History Exams and the High School Curriculum: The AHA Council Responds to New York State’s Proposed Changes to High School Exams
The American Historical Association has submitted to the New York State Board of Regents a statement of concern (see next page) regarding proposed changes to the requirements for a Regents high school diploma in that state. Currently students are required to take statewide examinations in global history and geography and in US history and government, along with tests in English, mathematics, and science. The proposed modification would reduce the social studies requirement by allowing a student to substitute a “comparatively rigorous” form of assessment in areas more directly related to careers.
I am not a fan of the testing regime that has come to dominate far too much of secondary education. High school teachers and parents of children who have passed through grades 10–12 over the past decade are well aware that far too much time is spent preparing for tests, as opposed to student learning. These overlap, but they are not necessarily the same. Yes, a well-designed “assessment tool” can provide useful—indeed often essential—evaluation of student learning. But many of us wonder how many such tools are necessary.
That said, it is also clear that in the current environment what is tested tends to be what gets priority in the classroom and in the broader curriculum. This is not a matter of protecting academic turf, or diminishing the significance of either other disciplines or career preparation. As the AHA’s Tuning project suggests, we consider history education an essential aspect of such preparation and even believe that it is a good idea for history teachers to be thinking about how historical thinking prepares our students for workplaces. The AHA’s statement emphasizes the necessity of history education in preparing students for many career options and for lives as part of an engaged citizenry.
James Grossman is the executive director of the American Historical Association and tweets @JimGrossmanAHA.
December 2, 2014
The New York State Board of Regents recently proposed a modification to the Regents Examinations to allow for greater flexibility in order to improve graduation rates and focus on career training. Since 1988, students seeking a Regents diploma have had to pass end-of-the-year exams in math, English, science, a language other than English, and two social studies subjects, which are Global History and Geography and U.S. History and Government. With the proposed revised exams, students will choose between Global History and Geography or U.S. History and Government, and they will select a fifth exam in accounting, advertising, carpentry, culinary arts, hospitality management, or some other career-focused subject.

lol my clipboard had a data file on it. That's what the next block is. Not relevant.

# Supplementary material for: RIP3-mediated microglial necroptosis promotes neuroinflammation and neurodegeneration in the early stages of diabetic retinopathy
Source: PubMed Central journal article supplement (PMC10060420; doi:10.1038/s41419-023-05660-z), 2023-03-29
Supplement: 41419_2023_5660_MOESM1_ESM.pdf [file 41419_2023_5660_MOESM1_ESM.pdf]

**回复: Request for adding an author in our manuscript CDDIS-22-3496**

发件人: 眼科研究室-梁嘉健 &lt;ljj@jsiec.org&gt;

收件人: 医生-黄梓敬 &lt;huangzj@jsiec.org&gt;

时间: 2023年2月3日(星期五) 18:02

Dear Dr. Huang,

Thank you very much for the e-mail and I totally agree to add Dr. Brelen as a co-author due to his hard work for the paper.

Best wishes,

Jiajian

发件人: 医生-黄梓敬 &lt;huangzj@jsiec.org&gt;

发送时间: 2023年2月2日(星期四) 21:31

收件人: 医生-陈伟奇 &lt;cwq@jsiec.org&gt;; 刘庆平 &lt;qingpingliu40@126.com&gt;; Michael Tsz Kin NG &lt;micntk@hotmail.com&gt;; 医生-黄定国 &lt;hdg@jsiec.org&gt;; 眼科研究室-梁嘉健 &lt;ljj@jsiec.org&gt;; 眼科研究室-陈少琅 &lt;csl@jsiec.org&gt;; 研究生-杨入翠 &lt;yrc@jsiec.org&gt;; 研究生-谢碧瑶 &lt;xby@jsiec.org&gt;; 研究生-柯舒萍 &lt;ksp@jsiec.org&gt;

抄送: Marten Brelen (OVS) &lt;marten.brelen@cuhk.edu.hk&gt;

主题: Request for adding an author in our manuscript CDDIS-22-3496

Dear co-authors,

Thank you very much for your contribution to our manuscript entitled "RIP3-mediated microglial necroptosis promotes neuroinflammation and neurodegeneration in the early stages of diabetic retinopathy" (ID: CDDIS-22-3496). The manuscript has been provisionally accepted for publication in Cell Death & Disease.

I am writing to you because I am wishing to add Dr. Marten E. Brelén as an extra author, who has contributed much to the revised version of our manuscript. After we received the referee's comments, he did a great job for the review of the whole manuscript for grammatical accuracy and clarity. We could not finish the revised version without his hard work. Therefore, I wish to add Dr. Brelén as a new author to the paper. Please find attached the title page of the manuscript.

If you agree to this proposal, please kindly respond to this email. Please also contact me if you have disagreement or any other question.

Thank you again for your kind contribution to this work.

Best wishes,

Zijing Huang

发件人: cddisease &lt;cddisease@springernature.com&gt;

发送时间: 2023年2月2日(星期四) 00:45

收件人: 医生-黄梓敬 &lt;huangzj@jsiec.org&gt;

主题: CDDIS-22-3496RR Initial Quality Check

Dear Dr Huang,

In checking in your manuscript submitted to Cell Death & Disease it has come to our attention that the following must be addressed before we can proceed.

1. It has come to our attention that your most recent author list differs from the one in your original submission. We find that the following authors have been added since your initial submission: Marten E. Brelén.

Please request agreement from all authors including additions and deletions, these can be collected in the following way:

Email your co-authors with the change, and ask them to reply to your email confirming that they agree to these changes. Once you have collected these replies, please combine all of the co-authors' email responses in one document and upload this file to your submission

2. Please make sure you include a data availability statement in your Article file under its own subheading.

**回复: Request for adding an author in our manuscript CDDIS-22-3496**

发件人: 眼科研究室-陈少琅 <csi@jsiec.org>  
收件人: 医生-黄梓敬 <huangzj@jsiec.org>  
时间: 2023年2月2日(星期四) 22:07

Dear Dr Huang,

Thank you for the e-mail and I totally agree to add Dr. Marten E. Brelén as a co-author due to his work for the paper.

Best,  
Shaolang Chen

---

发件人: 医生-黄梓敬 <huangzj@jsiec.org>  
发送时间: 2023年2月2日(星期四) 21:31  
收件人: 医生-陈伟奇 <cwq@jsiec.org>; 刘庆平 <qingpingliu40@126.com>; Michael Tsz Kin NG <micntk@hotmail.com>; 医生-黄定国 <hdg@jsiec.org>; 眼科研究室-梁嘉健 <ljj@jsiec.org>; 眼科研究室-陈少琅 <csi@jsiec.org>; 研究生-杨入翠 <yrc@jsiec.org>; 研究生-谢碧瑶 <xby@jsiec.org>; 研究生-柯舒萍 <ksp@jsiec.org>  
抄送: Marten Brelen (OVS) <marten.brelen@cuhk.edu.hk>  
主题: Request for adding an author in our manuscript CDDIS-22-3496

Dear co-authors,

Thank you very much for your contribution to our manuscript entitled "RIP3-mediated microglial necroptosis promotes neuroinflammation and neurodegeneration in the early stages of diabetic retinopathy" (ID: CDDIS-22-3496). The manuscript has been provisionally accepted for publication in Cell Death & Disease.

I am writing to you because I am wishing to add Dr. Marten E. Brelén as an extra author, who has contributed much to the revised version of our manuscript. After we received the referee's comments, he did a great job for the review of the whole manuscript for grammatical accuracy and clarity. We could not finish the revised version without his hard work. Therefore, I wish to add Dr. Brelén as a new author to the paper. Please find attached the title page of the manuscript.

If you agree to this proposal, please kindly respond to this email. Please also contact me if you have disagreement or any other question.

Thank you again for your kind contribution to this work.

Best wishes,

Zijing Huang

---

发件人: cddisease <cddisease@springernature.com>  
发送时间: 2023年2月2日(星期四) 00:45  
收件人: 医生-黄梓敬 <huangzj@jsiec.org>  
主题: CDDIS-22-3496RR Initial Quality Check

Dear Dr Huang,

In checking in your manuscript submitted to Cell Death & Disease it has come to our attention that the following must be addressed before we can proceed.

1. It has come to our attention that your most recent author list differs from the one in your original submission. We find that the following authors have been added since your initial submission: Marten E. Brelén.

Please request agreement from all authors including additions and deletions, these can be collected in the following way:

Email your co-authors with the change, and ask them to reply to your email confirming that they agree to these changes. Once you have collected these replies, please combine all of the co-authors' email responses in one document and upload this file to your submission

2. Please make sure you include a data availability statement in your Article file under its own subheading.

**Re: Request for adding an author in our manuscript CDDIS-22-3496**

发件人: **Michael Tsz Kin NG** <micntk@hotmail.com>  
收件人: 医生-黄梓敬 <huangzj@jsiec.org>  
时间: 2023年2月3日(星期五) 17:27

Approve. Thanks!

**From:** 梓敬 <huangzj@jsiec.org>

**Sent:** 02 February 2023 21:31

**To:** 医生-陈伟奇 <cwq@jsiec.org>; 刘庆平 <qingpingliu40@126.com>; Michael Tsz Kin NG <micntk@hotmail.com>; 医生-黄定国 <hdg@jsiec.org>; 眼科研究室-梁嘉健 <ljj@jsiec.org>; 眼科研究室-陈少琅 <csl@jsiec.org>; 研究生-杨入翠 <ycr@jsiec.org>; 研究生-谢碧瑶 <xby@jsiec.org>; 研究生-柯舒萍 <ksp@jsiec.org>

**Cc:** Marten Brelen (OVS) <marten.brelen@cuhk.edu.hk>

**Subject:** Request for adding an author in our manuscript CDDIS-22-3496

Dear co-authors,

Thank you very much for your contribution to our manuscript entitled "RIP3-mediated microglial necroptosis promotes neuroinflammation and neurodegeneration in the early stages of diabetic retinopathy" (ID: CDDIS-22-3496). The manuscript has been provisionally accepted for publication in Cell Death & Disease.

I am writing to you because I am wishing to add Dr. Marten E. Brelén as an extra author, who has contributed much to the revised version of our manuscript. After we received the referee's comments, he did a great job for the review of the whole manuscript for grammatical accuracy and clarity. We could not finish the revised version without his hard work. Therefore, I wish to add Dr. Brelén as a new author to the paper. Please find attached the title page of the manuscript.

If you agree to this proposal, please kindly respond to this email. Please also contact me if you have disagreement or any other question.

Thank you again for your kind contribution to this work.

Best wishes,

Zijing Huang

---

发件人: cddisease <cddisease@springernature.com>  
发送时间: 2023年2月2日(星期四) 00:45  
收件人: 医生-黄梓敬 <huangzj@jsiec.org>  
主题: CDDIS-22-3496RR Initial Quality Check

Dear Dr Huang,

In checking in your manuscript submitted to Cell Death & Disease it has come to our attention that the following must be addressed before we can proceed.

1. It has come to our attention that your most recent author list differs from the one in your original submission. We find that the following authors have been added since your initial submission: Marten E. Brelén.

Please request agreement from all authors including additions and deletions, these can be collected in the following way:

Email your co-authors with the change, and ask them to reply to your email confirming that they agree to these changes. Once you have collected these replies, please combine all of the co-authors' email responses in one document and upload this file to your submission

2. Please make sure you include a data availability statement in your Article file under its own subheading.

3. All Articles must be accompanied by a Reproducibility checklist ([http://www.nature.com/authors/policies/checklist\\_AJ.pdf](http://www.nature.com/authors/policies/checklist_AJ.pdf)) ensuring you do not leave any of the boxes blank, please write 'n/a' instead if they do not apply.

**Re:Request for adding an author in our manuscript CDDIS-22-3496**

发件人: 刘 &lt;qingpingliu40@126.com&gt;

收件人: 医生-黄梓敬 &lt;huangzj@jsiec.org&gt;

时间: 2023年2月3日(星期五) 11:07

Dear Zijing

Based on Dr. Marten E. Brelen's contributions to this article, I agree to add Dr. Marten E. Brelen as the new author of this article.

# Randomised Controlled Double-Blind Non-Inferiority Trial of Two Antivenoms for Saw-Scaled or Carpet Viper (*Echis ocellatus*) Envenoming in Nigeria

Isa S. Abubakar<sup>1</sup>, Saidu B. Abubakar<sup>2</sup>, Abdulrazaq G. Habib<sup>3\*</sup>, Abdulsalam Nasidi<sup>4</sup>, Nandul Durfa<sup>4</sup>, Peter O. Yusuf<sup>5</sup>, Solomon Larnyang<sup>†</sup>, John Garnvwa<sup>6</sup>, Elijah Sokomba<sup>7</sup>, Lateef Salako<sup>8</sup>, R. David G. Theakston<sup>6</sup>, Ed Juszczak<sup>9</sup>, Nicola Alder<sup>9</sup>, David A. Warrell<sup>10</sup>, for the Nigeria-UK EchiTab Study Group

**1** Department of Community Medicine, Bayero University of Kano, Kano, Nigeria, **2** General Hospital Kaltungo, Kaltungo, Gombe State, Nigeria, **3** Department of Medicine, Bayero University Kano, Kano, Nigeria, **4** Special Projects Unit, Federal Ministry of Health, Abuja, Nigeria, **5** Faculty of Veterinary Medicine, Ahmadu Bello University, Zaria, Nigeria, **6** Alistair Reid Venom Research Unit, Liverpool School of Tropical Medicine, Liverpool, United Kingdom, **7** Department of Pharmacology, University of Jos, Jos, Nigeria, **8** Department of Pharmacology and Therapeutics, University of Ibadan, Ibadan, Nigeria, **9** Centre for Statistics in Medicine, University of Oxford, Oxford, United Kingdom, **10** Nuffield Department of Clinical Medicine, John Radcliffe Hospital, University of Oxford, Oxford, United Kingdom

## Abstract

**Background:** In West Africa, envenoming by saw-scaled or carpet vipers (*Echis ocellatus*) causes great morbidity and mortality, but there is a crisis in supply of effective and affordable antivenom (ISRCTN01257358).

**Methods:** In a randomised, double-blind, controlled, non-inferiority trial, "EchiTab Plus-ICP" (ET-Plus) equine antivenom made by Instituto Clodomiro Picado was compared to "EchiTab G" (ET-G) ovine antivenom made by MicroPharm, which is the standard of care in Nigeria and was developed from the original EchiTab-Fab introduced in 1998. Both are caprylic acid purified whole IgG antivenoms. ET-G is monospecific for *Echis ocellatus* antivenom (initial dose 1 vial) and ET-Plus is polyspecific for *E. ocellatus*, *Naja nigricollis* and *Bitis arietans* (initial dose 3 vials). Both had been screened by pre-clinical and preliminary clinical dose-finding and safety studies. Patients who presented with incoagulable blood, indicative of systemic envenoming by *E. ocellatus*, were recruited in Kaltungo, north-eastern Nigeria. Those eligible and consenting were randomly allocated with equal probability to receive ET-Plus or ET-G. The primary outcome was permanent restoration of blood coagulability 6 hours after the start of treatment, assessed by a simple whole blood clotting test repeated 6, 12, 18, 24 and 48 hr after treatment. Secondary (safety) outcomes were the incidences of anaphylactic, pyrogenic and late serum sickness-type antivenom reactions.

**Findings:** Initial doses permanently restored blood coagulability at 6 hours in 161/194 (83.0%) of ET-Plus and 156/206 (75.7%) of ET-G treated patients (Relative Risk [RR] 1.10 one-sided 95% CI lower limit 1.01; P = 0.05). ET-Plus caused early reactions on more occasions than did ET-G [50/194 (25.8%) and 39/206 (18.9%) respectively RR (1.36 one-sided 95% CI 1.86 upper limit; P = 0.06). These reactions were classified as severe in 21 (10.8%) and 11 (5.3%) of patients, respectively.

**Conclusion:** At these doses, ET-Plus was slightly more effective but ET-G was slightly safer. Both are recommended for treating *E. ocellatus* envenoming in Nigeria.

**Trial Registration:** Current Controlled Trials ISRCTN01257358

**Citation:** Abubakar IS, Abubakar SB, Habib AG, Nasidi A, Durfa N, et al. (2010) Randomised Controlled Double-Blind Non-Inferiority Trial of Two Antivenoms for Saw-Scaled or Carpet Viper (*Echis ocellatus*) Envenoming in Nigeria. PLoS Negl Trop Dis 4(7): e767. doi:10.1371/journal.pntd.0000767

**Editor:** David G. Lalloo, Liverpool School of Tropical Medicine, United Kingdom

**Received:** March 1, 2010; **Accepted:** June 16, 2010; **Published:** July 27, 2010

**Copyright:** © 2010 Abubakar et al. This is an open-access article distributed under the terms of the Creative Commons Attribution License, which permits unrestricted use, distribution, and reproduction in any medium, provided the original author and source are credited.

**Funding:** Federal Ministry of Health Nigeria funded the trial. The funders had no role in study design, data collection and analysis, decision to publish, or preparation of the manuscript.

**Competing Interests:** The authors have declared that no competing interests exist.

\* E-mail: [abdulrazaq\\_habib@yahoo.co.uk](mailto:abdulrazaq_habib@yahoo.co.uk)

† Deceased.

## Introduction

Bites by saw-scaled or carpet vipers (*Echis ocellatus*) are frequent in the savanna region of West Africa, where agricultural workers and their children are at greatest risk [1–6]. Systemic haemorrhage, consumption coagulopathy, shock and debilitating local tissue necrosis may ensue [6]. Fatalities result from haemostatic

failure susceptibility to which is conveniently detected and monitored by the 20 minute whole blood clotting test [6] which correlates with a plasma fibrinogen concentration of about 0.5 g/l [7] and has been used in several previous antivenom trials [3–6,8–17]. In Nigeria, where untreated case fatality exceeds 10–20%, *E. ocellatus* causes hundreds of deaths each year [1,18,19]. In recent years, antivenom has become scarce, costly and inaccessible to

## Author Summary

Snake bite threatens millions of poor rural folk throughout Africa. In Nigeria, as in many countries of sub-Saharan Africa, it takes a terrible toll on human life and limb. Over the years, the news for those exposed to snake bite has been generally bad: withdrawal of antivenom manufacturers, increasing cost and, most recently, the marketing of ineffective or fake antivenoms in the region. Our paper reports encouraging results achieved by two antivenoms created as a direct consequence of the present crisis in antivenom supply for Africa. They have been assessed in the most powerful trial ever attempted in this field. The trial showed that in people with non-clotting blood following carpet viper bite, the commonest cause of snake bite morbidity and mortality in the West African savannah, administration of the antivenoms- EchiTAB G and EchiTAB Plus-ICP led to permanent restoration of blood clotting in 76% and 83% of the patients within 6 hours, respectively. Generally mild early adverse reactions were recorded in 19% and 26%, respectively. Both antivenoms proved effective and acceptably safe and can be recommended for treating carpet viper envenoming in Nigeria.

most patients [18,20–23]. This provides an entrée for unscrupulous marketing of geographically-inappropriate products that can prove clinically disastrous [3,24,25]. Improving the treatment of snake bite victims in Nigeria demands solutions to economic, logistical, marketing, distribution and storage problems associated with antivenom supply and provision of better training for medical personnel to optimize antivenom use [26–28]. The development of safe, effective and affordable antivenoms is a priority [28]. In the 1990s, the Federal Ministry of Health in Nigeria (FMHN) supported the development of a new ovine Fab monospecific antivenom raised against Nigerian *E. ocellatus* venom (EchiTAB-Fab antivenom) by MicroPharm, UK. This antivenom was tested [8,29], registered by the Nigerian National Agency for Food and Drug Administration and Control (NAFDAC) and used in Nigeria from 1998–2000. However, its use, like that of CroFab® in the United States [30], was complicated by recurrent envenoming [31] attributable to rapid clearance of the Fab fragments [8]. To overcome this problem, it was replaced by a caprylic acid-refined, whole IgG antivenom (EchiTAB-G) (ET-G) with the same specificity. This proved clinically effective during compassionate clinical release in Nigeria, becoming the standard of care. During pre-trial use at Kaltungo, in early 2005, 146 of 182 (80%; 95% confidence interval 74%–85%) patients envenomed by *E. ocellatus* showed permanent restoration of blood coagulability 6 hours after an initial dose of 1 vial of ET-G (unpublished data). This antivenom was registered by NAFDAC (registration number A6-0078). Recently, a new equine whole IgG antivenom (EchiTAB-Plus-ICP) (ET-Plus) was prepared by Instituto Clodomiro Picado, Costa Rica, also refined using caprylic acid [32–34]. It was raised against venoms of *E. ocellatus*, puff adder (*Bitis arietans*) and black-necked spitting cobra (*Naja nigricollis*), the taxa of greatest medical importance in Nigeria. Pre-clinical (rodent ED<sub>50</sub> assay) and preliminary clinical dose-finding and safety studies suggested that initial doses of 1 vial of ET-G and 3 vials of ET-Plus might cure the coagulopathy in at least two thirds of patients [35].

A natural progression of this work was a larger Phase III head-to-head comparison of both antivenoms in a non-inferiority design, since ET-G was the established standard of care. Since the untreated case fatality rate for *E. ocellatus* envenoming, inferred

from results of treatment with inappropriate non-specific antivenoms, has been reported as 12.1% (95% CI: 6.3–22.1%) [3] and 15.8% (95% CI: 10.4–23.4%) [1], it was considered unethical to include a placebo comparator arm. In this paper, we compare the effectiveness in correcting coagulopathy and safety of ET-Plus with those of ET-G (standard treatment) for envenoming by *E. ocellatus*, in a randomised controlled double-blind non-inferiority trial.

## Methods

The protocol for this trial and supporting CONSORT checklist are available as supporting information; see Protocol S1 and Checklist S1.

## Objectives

The American Historical Association, the world’s largest organization of professional historians, recognizes that the Regents Exams have changed many times since their first administration in 1865 to respond to shifts in ideas about education and the imperatives of employment. The halving of the social studies requirement in the proposed revision, however, is out of tune with the circumstances of today’s world. These two exams have distinctive goals that are essential to an engaged citizenry and an educated global workforce.
The two social studies courses and exams emphasize critical reading, acquisition of knowledge, and the creation of logical and analytical arguments that employ evidence to demonstrate reasoning. These essential aspects of history education are skills necessary in any profession. In a rapidly changing world, global history and geography are essential to business, science, technology, and industry as well as the humanities and social sciences because these fields encourage students to study changing relationships and understand diverse perspectives. For example, knowledge of global markets— whether their physical locations, their demands for new technologies, or their supply capabilities— is currently integral to an educated workforce. In a state with a large immigrant population, Global History and Geography also teaches intercultural understanding and geographic reasoning; these are skills and traits desired by employers.
The AHA is also concerned that the revised global history test now limits its scope to the period after 1750, setting aside, for example the rise of great religions, and the early development of world-wide trade, the circulation of ideas, and even Christopher Columbus.
The U.S. History and Government curriculum is key to the development of civic participation for all New Yorkers. The curriculum seeks to develop engaged citizens who demonstrate their understanding of the history of their nation, and for example, the significance of voting, the Constitution, how laws are created and passed, and how people interact with governmental institutions. The preparation to pass the U.S. History and Government exam ensures that students are exposed to the ideals, practices, principles, and history of the United States, its government, and its civil society.
The American Historical Association encourages the Board of Regents to consider a method by which both Global History and Geography and U.S. History and Government remain vital components of the curriculum and the Regents Exam.
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